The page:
A collection of posters by AIGA leaders across the U.S. representing Get Out the Vote 2016, the latest campaign of AIGA Design for Democracy. Learn more and download your favorite posters at AIGA.org/vote.
Nearly 30% of the US population will be Latino by the year 2050, yet, only 48% of Latinos eligible to vote turned out on election day in 2012. The policies under discussion during this election make it imperative that this year they take a more active role in the democratic process that will shape the future of their community and of the country at large.
I invited Mr. Edward James Olmos to provide his iconic image as a trusted leader in the Latino community to urge people to register and vote. Mr. Olmos’ decisive facial expression is intended to reflect the message: “this year your vote is a serious matter—register to vote!”
While it's unlikely that a single vote will be the deciding factor in elections–local or national–the combined actions of individuals define the outcome. A vote is part of a collective voice that articulates what the people want from their government, even if the voter doesn't get exactly what they wanted. So exercise your influence. Be part of the conversation. Vote.
Less than 55 years ago, many blacks weren’t allowed to vote unless they passed a literacy test or could count the number of jelly beans in a jar or bubbles on a bar of soap. Many activists and protesters fought for your right to vote on November 8, 2016.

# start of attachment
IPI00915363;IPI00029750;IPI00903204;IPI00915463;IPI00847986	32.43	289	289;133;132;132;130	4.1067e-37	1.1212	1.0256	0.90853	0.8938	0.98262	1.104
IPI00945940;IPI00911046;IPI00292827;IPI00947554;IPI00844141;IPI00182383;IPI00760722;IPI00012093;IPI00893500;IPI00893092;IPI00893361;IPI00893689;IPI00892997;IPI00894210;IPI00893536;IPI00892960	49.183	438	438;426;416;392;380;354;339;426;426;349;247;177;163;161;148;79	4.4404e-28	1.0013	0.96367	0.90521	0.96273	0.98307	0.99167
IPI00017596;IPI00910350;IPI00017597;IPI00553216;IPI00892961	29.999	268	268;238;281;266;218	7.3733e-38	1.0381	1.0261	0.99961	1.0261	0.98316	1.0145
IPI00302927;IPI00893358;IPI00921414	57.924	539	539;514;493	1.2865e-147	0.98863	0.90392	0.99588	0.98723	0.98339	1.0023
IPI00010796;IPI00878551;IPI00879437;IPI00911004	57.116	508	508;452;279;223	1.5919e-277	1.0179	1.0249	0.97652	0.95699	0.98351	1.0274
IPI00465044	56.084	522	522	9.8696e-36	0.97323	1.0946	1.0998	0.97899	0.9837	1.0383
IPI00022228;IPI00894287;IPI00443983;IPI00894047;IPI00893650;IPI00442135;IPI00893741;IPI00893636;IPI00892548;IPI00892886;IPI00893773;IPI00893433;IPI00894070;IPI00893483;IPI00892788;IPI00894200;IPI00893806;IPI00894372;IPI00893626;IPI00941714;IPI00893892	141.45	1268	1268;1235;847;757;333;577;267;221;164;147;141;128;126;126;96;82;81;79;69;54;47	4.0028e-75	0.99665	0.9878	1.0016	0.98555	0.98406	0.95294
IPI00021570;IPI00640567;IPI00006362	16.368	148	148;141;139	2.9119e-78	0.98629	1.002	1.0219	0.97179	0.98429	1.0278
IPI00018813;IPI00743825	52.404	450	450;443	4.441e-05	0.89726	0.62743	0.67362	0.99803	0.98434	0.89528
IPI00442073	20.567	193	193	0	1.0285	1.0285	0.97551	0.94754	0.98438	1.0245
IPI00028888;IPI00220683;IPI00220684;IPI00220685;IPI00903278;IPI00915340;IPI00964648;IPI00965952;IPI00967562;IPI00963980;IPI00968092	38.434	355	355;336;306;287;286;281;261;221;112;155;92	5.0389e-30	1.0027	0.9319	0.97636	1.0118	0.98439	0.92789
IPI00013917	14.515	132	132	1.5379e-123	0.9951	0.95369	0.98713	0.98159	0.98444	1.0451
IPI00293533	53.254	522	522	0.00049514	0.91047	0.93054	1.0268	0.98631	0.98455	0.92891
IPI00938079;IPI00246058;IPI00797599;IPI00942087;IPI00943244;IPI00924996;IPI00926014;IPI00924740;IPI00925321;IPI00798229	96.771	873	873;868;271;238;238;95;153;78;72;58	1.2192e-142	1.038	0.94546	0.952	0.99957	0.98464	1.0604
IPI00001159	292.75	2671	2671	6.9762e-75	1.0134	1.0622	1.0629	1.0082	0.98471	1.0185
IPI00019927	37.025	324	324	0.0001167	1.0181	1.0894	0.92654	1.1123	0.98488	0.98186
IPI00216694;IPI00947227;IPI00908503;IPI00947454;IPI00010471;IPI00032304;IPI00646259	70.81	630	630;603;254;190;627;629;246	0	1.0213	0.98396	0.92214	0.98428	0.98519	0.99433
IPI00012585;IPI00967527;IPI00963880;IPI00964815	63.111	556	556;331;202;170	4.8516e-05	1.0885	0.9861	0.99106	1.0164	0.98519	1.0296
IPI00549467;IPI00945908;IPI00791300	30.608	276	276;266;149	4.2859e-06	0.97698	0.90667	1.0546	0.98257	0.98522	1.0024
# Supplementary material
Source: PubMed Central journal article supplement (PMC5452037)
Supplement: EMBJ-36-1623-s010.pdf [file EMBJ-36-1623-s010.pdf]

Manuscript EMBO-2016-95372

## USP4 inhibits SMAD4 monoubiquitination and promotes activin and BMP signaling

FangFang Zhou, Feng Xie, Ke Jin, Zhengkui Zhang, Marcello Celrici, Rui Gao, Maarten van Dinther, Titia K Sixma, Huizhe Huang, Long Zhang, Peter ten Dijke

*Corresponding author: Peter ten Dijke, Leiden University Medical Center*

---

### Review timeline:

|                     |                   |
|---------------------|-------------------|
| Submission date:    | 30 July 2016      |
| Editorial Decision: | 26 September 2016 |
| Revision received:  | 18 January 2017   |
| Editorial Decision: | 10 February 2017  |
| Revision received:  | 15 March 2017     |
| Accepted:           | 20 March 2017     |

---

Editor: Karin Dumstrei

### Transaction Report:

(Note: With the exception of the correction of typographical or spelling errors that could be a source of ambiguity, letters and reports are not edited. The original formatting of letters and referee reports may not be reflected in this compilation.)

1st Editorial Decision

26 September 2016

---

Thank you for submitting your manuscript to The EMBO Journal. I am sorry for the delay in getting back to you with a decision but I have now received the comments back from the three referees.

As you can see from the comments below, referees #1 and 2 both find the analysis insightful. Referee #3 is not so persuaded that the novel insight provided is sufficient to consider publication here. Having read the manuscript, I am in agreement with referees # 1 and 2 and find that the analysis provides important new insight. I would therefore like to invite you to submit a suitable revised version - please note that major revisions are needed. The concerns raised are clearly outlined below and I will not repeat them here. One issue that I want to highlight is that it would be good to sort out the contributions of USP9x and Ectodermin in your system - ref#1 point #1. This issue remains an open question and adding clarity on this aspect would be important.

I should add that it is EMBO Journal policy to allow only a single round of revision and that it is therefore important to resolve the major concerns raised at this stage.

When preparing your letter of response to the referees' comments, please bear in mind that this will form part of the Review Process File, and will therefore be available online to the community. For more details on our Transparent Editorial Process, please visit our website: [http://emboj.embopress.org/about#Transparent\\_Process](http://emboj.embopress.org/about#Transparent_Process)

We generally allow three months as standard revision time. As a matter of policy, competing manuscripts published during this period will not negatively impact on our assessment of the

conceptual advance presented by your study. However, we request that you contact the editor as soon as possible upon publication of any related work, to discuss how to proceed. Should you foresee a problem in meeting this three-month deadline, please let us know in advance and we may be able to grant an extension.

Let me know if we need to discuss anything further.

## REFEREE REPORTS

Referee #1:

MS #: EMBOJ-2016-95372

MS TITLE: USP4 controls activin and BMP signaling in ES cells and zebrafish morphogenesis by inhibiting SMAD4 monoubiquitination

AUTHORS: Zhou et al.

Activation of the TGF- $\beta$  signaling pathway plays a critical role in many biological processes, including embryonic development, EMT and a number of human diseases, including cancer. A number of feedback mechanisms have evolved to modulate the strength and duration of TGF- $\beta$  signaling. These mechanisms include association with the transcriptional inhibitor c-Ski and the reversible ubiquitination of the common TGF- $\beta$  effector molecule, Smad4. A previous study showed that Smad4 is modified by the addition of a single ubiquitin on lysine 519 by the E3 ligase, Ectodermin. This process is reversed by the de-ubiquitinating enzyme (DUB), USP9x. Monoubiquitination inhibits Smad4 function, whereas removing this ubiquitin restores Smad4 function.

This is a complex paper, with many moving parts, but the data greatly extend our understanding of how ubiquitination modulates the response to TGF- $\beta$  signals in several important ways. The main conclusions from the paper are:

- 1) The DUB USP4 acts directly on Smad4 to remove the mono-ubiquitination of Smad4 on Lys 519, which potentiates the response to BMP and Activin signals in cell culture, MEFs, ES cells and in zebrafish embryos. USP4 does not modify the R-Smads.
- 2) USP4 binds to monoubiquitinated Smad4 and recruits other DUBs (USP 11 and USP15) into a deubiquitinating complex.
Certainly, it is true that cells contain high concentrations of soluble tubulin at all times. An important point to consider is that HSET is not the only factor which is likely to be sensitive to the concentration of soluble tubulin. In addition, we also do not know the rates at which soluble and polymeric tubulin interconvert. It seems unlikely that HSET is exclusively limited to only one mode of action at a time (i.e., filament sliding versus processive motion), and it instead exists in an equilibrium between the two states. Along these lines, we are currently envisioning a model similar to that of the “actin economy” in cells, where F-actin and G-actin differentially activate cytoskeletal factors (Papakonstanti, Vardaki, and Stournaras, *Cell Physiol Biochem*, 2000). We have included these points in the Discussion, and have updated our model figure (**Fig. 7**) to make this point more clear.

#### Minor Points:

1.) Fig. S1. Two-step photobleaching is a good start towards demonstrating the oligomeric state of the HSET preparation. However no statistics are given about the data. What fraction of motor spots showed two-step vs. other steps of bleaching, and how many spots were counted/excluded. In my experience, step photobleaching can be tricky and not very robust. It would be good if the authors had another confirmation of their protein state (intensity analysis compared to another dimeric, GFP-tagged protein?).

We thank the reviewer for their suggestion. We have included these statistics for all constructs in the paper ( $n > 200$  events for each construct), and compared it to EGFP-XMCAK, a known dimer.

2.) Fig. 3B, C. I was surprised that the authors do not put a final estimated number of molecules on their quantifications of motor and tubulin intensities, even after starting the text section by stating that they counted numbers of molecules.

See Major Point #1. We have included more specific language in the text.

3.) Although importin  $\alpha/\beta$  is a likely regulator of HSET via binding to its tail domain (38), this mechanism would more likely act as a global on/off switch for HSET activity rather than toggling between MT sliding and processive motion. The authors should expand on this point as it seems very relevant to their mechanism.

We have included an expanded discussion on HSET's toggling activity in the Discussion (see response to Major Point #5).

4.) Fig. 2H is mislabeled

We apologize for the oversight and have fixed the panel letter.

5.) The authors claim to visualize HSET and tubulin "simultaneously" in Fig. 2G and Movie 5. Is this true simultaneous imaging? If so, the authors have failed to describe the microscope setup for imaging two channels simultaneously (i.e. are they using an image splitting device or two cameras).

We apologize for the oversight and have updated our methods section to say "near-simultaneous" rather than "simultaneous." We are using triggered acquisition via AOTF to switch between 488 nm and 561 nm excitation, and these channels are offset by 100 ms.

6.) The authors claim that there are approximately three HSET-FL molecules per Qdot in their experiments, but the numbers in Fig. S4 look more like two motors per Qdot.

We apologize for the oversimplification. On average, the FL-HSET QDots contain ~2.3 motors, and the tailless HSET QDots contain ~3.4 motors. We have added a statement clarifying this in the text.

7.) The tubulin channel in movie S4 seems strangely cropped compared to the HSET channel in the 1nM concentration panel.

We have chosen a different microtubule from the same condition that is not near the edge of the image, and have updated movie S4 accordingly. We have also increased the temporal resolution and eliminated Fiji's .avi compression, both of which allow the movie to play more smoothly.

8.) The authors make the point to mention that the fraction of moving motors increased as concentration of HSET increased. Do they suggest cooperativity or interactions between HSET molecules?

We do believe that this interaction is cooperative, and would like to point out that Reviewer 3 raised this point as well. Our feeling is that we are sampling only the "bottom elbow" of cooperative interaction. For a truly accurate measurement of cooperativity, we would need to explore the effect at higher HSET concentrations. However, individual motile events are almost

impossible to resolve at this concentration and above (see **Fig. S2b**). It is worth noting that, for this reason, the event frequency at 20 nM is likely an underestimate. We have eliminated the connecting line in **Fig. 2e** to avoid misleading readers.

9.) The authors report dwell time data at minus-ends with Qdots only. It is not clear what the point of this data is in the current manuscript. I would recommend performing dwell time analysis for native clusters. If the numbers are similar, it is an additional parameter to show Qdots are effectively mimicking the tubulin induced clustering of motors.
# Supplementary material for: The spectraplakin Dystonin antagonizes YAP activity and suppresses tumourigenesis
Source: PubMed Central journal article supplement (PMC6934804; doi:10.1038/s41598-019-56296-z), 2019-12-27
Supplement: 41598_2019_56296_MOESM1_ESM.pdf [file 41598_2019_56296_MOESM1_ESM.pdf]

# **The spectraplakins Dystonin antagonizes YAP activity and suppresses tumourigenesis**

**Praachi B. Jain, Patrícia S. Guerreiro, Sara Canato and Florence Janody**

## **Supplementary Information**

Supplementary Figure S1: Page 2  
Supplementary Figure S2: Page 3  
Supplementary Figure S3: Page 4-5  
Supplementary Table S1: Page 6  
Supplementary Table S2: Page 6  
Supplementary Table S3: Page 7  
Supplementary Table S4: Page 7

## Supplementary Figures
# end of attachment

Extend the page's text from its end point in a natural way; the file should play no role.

Regardless of where you stand on the political spectrum, we’re being driven apart, rather than pulled together. Organized into voting blocks and statistics that drive talking points and sound bites. There’s an agenda behind everything, and we fall for it because it’s what we want to hear. Then we repeat it with vigor and conviction. Of course, I’m not talking about you, I’m talking about those other people. You’re too smart for that, and are also good looking.
This concept presents one form of a metaphorical, ever-changing book chronicling the past, present, and future of the great democratic nation of the United States of America. The term of our 44th president is coming to a close, so the 2016 election represents our opportunity to “write the next chapter” with our vote. Through our vote, we literally have the power to create the future of our nation.
Langston Hughes wrote the poem “Words Like Freedom,” and in it he states, “There are words like Freedom, Sweet and wonderful to say. On my heart strings freedom sings, All day everyday … There are words like Liberty, That almost make me cry. If you had known what I know. You would know why.”
My poster pays tribute to him and all the words we say with our votes.
Designed in Chinese using Kanji ideograms, this poster is intended to help close that gap. The design is targeted at voters who read Chinese, but also to teach non-readers the characters for “vote.” It was designed by three immigrant and first generation Chinese-Americans employed at Jackson Fish Market. The studio is housed in the former Immigration and Naturalization Service headquarters where throughout the twentieth century, Chinese-Americans entered the United States, Chinese-Americans were naturalized as American citizens, and some Chinese-Americans were held as detainees under the Chinese Exclusion Act of 1882.
“…and her name Mother of Exiles.”
The New Colossus (inscribed on The Statue of Liberty)
This image celebrates a nation of immigrants—and the imperative for each citizen, native born or naturalized, to cast their ballot and share their unique voice.